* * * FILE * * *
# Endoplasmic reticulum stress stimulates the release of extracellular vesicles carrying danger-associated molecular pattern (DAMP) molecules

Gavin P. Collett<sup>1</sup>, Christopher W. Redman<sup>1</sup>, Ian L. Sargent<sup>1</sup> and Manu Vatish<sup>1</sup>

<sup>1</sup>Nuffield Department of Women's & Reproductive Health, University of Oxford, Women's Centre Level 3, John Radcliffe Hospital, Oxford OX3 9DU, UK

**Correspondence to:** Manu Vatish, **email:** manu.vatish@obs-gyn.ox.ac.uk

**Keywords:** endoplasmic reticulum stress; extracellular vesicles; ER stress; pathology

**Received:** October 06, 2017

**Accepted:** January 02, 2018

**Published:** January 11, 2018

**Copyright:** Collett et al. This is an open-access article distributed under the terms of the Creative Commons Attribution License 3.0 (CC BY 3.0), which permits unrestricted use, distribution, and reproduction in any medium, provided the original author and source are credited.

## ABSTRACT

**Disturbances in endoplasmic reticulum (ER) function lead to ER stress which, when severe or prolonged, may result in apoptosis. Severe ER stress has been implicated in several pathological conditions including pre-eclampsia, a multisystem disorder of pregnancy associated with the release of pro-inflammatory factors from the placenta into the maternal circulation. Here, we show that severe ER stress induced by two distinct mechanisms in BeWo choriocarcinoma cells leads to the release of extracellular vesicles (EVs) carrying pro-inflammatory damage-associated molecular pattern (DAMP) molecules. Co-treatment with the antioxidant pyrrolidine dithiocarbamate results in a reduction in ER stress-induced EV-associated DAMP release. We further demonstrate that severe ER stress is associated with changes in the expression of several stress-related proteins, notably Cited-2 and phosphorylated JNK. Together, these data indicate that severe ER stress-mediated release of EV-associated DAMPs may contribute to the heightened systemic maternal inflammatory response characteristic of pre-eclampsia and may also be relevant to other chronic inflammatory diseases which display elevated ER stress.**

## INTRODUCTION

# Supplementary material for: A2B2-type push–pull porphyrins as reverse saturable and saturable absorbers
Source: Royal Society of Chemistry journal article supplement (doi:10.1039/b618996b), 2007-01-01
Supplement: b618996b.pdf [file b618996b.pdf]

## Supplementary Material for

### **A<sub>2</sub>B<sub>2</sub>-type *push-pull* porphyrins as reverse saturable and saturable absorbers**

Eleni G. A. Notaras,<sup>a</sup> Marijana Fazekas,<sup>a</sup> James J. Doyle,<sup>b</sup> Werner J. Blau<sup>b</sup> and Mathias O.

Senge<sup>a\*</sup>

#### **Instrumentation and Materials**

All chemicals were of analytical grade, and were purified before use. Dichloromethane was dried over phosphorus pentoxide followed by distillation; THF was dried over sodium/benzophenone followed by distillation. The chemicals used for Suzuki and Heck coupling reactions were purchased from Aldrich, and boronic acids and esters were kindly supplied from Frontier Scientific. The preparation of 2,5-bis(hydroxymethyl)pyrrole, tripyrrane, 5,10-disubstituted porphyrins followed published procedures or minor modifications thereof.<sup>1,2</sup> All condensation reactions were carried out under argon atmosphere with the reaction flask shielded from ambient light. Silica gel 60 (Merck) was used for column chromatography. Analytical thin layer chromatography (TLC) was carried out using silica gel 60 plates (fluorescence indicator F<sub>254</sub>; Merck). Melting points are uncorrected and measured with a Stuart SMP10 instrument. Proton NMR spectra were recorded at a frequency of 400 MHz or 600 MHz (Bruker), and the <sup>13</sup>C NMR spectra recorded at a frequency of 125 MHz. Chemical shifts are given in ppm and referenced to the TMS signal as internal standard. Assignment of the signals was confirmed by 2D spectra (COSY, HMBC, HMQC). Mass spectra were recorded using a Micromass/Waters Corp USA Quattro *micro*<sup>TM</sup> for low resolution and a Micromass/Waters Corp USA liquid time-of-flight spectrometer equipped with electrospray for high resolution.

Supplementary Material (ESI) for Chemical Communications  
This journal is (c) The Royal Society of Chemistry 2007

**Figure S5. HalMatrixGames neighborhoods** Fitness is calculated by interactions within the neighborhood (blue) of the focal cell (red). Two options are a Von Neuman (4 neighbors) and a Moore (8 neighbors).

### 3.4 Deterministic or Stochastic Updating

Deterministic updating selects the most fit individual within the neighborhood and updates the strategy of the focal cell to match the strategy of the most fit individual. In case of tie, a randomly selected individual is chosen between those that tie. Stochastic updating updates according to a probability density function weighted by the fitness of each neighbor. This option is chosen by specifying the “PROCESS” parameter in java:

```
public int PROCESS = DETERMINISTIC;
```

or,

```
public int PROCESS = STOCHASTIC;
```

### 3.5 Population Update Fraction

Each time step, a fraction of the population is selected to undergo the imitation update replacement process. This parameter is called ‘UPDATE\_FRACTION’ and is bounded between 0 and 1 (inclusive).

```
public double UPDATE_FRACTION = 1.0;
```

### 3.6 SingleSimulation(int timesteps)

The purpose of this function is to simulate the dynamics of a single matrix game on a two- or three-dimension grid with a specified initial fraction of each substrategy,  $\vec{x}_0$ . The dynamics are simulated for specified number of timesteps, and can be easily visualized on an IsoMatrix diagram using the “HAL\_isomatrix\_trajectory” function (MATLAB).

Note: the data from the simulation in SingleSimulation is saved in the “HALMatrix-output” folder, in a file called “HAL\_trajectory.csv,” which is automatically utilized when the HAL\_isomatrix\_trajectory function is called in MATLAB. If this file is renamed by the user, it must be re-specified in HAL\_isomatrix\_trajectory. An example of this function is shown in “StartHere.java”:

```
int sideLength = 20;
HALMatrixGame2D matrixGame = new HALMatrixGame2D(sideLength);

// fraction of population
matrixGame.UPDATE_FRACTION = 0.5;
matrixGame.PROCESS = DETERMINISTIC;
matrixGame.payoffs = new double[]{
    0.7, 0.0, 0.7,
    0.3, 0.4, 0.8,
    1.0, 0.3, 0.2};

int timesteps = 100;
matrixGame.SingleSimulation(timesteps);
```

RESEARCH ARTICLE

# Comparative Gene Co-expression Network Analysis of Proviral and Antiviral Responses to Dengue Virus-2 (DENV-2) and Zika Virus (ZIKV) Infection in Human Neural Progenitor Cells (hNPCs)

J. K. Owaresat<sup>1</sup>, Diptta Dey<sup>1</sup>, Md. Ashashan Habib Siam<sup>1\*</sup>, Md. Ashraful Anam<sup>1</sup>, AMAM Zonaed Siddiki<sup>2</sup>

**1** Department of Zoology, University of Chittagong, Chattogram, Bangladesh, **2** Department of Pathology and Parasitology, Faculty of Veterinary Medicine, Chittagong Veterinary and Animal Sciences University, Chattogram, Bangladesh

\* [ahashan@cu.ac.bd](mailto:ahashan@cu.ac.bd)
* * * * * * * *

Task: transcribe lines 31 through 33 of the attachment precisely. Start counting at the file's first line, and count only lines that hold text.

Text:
```
public int PROCESS = STOCHASTIC;
```